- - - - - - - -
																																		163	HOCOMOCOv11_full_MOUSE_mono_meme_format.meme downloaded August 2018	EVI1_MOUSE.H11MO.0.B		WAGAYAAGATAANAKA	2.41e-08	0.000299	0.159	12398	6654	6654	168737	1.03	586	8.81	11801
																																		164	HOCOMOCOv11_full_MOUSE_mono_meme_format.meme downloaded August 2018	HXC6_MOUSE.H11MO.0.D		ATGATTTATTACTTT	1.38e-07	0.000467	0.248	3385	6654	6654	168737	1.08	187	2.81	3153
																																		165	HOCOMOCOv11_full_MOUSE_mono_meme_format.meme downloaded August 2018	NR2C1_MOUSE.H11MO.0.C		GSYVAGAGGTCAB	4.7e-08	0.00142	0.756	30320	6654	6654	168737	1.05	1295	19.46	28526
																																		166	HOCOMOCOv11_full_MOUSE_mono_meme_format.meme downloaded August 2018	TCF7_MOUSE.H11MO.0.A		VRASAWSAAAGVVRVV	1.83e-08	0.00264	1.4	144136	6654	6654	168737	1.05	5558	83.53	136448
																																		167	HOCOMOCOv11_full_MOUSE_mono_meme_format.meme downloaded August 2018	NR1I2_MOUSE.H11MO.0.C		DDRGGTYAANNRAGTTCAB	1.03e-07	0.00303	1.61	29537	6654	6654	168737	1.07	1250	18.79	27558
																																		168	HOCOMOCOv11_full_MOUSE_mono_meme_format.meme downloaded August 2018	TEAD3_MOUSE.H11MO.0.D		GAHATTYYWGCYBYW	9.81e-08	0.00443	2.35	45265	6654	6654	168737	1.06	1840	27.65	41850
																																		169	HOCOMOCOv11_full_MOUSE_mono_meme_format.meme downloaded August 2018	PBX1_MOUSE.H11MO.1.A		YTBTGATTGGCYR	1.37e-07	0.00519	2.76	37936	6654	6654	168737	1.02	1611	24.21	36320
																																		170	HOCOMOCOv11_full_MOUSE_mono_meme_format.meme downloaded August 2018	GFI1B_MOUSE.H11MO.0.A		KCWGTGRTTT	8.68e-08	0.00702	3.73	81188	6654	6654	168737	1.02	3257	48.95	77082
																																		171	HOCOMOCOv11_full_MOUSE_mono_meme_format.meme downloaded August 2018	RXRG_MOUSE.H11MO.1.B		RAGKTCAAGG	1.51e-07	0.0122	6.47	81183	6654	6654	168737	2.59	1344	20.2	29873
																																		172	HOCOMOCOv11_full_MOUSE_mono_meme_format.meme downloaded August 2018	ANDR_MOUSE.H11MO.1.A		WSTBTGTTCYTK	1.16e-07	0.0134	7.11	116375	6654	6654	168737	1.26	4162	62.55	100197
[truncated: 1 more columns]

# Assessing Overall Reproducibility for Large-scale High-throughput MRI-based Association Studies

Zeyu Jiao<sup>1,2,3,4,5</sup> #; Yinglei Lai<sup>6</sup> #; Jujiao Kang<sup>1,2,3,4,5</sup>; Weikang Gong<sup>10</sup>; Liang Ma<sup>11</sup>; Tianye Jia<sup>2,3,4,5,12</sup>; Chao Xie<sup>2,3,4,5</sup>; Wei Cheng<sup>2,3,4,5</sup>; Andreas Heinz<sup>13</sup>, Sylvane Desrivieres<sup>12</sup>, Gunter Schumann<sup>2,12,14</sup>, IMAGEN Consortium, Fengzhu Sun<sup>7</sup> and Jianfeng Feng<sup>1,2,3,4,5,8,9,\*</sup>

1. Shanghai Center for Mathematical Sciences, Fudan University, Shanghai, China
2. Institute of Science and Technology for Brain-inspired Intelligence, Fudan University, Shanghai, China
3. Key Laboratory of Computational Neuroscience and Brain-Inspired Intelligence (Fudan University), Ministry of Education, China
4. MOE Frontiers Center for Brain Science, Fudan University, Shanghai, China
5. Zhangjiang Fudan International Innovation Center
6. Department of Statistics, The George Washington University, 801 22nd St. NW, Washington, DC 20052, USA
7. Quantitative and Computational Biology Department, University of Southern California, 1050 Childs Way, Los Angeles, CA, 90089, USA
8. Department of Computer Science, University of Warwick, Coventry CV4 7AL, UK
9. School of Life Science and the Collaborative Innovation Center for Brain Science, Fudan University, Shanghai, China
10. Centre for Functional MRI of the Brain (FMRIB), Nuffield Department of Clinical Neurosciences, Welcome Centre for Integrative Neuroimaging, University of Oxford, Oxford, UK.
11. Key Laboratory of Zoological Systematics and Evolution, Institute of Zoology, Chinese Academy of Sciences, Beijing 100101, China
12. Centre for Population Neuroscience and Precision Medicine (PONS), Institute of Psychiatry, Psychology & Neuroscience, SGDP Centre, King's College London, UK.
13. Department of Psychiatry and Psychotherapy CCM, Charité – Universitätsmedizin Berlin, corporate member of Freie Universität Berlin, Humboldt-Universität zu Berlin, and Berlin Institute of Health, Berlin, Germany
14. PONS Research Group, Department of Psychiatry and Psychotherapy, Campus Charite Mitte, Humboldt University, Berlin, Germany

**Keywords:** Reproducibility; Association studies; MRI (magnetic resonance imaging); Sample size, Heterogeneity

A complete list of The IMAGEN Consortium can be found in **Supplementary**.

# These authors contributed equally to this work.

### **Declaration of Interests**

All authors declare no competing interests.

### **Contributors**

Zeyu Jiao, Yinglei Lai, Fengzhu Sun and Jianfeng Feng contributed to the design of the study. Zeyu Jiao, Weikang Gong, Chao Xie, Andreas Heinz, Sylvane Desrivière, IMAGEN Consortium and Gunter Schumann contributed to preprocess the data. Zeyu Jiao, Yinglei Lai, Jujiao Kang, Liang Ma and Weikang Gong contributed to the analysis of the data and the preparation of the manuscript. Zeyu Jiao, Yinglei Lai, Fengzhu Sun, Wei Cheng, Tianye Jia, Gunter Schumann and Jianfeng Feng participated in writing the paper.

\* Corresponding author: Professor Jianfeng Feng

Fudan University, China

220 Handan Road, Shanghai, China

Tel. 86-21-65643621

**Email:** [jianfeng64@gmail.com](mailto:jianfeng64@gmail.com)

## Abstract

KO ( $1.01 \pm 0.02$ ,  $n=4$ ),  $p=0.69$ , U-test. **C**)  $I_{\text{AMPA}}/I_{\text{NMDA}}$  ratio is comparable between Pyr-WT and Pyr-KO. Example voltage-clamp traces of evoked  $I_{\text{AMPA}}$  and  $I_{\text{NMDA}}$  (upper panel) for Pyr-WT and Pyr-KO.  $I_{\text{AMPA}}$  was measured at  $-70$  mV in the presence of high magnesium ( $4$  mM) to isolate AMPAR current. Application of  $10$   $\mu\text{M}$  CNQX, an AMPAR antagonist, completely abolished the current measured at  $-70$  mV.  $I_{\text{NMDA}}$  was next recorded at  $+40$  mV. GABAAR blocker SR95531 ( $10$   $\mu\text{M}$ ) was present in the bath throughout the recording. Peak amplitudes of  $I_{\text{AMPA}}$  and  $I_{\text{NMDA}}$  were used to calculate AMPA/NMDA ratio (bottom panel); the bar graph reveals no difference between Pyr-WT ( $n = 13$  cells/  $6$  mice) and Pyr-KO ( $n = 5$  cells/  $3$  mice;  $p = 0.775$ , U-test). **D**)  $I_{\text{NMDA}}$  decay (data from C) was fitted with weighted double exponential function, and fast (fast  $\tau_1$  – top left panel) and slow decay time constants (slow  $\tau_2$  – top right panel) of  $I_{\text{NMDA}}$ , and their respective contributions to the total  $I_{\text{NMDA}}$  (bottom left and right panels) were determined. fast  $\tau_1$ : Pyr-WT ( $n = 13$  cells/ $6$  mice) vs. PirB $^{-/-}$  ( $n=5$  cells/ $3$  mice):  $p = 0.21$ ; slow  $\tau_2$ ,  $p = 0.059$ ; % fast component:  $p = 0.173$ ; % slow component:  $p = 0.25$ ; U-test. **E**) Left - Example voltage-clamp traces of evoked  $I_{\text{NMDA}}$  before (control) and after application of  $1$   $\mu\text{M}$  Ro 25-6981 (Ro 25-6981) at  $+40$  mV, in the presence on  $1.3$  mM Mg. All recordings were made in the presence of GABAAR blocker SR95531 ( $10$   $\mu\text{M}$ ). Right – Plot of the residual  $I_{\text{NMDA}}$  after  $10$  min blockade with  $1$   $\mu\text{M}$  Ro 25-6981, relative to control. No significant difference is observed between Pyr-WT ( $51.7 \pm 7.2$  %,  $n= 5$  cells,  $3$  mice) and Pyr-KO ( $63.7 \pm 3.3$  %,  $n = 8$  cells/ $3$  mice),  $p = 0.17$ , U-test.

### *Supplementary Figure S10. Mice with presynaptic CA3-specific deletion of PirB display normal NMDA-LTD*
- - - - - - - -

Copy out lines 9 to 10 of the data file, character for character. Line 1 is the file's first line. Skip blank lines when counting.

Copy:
																																		171	HOCOMOCOv11_full_MOUSE_mono_meme_format.meme downloaded August 2018	RXRG_MOUSE.H11MO.1.B		RAGKTCAAGG	1.51e-07	0.0122	6.47	81183	6654	6654	168737	2.59	1344	20.2	29873
																																		172	HOCOMOCOv11_full_MOUSE_mono_meme_format.meme downloaded August 2018	ANDR_MOUSE.H11MO.1.A		WSTBTGTTCYTK	1.16e-07	0.0134	7.11	116375	6654	6654	168737	1.26	4162	62.55	100197